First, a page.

Brazilian Inmates Use Stationary Bikes to Generate Power

The wheels of justice are rolling in Brazil.

The country’s Santa Rita do Sapucaí prison has offered inmates a reduction in their sentences – albeit a light one – if they use their legs to charge batteries using special bikes.

City judge José Henrique Mallmann got the idea for his battery-charging bikes from other prisons that offer prisoners incentives for riding bikes, including Phoenix, Ariz.'s Tent City Jail that requires female inmates to ride a bike while watching television.

For every 16 hours a Brazilian prisoner pedals, he can reduce his sentence by one day.

The batteries the inmates charge while pedaling are taken every night into the city center, where they keep citizens out of the dark by illuminating street lamps. The program has become popular among inmates as it alleviates boredom and keeps them in shape.

One inmate even said he has so far lost "about four pounds."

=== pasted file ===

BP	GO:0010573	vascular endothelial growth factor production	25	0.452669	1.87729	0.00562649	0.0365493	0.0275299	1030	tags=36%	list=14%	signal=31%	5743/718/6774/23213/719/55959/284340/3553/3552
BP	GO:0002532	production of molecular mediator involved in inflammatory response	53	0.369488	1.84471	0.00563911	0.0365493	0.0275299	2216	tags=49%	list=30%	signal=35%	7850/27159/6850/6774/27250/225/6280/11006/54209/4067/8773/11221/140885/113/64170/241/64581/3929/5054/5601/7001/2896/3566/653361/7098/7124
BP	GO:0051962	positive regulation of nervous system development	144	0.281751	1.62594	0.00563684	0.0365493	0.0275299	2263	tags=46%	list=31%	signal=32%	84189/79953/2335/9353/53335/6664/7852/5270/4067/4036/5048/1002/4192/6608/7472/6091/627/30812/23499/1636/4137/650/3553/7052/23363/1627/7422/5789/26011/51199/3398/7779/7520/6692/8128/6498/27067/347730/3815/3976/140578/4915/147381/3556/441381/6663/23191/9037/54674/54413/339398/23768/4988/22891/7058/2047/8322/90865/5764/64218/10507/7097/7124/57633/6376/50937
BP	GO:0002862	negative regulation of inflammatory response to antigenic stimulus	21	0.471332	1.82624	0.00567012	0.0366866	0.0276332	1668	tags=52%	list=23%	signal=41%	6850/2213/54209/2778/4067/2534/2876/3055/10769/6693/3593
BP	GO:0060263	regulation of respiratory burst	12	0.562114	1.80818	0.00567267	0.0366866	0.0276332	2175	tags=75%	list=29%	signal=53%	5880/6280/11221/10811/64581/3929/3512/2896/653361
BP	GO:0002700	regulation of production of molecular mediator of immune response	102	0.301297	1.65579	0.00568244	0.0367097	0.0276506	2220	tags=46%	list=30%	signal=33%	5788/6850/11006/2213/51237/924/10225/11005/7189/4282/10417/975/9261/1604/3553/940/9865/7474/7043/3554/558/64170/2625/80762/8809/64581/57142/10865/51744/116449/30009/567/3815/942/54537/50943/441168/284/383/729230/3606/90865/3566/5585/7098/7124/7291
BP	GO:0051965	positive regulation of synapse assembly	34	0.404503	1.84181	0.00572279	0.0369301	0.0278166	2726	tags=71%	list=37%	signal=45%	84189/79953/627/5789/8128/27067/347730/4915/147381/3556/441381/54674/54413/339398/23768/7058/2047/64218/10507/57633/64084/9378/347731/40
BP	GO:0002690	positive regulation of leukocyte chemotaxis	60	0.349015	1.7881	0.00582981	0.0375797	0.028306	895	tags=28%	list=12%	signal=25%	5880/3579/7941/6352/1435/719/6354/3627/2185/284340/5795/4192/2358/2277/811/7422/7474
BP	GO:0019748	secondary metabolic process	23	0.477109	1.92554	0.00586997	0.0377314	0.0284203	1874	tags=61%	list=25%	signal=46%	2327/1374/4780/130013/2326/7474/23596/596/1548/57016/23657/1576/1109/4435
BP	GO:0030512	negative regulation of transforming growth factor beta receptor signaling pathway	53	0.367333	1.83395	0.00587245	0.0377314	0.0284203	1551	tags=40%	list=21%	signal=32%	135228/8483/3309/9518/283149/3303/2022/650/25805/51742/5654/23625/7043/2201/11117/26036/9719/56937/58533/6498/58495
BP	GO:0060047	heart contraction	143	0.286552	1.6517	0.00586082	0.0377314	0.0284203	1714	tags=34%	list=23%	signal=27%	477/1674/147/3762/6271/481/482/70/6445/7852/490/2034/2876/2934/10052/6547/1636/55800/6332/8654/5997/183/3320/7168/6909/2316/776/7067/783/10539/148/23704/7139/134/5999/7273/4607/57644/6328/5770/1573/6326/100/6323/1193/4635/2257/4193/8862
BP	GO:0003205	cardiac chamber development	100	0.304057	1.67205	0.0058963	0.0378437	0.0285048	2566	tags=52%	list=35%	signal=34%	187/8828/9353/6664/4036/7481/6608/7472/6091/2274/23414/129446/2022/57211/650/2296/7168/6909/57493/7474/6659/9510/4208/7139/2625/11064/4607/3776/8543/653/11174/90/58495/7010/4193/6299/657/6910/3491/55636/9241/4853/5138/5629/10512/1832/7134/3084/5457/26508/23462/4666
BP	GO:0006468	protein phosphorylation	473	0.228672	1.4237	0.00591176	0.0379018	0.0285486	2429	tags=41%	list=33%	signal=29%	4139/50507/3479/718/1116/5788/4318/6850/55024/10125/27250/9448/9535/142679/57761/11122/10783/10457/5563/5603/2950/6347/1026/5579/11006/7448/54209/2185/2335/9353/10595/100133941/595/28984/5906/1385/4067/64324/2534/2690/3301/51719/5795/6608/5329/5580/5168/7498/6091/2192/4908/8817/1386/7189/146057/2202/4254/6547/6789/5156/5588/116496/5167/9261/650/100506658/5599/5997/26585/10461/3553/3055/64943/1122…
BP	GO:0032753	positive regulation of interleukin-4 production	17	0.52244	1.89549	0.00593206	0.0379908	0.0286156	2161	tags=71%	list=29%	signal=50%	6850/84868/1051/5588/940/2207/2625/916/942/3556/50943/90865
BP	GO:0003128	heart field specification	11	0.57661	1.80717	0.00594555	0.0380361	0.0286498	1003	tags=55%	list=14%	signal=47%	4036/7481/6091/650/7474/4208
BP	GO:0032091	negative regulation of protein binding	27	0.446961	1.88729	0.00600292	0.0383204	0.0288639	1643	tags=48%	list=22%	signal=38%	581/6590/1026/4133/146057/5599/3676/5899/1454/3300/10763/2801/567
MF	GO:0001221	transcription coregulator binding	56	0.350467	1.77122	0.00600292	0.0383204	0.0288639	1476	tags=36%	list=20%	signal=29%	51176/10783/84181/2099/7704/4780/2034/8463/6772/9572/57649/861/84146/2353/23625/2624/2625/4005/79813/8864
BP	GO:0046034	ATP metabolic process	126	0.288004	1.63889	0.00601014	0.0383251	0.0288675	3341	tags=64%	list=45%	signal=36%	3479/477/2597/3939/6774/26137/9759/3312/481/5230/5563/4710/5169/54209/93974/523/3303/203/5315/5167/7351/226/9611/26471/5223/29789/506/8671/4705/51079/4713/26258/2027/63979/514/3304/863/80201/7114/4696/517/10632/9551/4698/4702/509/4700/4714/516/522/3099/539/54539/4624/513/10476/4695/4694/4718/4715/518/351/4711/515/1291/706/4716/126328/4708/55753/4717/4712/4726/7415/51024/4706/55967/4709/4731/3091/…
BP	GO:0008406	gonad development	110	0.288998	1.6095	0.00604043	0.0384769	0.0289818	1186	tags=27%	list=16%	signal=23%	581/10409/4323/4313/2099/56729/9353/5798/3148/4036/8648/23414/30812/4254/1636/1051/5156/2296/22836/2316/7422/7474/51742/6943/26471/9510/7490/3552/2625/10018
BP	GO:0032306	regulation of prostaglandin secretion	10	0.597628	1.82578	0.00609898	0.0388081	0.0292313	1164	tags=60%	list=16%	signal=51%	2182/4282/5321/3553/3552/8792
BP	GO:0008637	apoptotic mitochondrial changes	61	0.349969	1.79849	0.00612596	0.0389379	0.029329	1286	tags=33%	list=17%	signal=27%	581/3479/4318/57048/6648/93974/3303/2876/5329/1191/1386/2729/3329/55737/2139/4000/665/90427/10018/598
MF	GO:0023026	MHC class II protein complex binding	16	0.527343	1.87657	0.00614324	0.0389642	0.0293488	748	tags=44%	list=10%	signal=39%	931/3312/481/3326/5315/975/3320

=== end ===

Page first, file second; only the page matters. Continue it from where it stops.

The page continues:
The prison will soon add eight more bikes to the original two due to the program’s popularity. The ten bikes would generate enough power to lighten a city block, so if the city wants to be fully prison-powered it will need a lot more inmates saddling up.

The Arizona model, which influenced the Brazilian program, was started back in 2010 by controversial Arizona Sheriff Joe Arpaio. Named “Pedal Vision,” the Maricopa County sheriff, known for his tough stance toward undocumented immigrants, let female inmates pedal stationary bikes with one hour on the bike equaling one hour of television.

The TV’s power was generated from pedaling the bikes.

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